I visited the set of Some Like It Hot and saw Marilyn Monroe in black lace pajamas jump out of the upper berth eleven times, deliver one line, and then run dancingly off set, with a charming mixture of deerlike grace and parody of deerlike grace to perch on lap of the man sitting next to me who happened to be her husband, the playwright Arthur Miller. I had an hour at 20th Century Fox with George Stevens and another with Jerry Wald. Mr. Stevens, who was then working on The Diary of Anne Frank is big, rugged faced, slow spoken. He looks like one's idea of a rancher. In common with everyone else I talked to, he was optimistic about the "new Hollywood" of independent producers that has broken the monopoly of the great studios and for the same reason: actors and directors, that is, artists, are now in the ascendancy at the expense of the old-style executive moguls like the late Louis B. Mayer. "It was hopefully thought in the old days that people didn't make films, that they were turned out somehow by an organization but only an individual can make a picture. It can't be done collectively." He also felt — another general impression out there — that the grip of the Hays censorship office has relaxed and that it is now possible to treat more daring themes in a bolder way: "There will be a wonderful period for the movies in the next 10 years." Jerry Wald, a plump, Baldish, cigar-chewing producer, talks rapidly and freely on any topic, was also full of cultural optimism. His walls were lined with Rouault prints and other okay modern art products and he had just finished a major production of Faulkner’s The Sound and the Fury. "Mass audiences are hep now," he said. "There are 25 million college graduates. There's no such thing as highbrow and lowbrow anymore. They get the best TV and radio shows. They can appreciate quality. I'm going to do Lawrence’s Sons and Lovers next and I just bought Winesburg." I suggested that Ulysses would make a splendid movie. "I've got an option on it!" he replied instantly, adding: "It's basically just a father searching for a son. Universal theme!"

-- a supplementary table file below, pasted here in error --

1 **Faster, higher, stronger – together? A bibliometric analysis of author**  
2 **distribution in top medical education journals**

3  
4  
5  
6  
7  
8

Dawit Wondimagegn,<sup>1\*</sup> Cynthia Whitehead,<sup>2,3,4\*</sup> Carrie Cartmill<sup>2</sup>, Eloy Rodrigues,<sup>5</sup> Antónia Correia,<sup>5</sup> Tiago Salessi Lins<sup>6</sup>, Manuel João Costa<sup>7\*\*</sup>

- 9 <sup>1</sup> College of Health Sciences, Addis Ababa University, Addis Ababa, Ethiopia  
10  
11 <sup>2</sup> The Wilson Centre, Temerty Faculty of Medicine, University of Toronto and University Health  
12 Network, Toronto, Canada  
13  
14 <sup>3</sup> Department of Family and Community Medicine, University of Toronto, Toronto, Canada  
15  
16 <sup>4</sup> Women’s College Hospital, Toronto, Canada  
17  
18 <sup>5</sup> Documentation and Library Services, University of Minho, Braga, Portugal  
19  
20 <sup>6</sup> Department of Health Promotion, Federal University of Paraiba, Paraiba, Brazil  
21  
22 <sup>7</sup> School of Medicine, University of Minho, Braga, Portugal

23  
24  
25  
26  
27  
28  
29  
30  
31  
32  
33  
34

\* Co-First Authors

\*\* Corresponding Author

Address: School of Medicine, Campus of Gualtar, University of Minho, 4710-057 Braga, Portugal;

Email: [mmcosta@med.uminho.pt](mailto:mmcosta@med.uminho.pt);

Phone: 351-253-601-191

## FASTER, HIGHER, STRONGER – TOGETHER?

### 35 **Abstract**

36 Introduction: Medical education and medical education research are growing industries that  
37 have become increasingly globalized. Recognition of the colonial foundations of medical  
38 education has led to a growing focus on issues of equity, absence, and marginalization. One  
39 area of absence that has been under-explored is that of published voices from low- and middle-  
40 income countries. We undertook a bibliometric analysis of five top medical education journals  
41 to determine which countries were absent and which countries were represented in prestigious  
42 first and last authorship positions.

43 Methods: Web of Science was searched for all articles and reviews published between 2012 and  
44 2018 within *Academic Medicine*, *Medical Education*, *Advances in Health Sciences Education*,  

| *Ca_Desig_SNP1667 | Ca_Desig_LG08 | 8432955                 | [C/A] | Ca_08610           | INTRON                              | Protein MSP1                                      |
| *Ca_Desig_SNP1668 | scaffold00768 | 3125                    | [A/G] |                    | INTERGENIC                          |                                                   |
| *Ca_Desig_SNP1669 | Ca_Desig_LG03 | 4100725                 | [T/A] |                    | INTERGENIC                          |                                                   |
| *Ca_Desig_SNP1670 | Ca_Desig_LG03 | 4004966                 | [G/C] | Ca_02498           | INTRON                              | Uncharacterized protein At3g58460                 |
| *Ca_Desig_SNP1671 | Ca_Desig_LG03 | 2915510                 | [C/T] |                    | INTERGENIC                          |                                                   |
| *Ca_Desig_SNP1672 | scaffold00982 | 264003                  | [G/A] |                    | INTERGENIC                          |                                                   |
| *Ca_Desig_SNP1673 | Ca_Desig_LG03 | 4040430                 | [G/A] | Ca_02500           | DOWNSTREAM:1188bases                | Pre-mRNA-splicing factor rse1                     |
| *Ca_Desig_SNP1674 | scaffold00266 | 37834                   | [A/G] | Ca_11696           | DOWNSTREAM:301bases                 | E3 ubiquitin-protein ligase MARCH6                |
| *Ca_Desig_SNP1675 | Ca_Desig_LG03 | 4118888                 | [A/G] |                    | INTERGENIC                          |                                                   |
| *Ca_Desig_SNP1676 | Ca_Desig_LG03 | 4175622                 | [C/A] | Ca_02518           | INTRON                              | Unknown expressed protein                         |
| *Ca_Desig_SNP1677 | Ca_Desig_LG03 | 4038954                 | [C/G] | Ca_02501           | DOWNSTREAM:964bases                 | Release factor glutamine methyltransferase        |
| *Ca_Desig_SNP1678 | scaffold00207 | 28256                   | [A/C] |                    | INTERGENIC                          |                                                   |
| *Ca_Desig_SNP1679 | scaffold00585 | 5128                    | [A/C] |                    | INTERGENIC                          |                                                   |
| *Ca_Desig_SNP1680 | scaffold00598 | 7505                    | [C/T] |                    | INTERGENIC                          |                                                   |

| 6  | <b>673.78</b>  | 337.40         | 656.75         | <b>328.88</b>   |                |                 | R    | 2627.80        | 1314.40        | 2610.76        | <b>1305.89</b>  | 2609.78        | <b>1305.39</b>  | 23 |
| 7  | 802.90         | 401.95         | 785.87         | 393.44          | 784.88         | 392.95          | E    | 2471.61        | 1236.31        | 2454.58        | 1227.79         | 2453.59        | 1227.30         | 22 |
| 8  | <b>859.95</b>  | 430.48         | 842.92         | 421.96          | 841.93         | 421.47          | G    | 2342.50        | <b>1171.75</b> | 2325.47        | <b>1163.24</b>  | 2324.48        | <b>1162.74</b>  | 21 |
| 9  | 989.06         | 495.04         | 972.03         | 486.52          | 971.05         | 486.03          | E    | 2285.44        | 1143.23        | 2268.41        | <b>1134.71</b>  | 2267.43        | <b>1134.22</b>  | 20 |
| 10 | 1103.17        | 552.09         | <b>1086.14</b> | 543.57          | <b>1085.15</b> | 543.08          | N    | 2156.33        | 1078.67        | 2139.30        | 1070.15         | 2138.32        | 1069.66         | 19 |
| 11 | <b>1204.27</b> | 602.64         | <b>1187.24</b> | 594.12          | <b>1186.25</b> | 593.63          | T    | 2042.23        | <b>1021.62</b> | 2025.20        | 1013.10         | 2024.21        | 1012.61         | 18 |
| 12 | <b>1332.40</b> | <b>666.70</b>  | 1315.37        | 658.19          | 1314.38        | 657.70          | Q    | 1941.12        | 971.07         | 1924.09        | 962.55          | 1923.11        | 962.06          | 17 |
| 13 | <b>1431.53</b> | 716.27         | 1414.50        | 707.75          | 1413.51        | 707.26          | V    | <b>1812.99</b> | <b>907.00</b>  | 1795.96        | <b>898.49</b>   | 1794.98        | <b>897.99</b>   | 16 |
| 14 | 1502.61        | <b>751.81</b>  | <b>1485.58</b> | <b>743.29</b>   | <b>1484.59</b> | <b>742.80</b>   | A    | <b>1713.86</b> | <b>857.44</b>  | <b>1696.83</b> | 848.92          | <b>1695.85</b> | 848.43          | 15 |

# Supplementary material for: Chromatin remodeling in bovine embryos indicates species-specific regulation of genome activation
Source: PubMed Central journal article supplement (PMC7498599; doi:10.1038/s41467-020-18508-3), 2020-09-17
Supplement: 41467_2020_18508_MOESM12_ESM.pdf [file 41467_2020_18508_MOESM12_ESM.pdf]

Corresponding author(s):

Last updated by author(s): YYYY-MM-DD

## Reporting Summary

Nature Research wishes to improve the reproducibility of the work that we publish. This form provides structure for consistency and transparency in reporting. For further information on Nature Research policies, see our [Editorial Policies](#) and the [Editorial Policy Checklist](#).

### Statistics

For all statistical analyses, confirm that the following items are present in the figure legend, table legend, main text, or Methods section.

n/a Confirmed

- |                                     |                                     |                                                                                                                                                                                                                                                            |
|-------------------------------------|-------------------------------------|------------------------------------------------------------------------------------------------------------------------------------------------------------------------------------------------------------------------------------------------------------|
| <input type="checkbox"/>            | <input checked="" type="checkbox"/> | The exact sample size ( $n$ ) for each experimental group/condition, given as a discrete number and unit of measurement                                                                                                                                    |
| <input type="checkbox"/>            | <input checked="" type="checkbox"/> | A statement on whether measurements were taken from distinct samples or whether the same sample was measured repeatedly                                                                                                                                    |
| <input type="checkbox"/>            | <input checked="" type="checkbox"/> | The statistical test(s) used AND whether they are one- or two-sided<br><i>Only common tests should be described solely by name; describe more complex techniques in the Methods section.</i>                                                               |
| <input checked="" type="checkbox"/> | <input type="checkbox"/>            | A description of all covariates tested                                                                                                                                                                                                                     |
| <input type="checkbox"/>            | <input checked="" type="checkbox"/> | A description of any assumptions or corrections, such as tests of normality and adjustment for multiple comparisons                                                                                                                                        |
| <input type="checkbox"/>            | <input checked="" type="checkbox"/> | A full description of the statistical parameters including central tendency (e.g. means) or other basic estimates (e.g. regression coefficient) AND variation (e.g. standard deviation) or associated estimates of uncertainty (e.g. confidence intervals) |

It is true that discordant notes may still be noted in the general harmony. "We never make a picture for the art houses," Mr. Wald stated firmly. "The most the art-house circuit can do is $600,000 and most pictures cost a lot more than that. You always try to make a BIG picture. Nobody deliberately starts out to make a stinker. Art houses are just a salvage operation for us."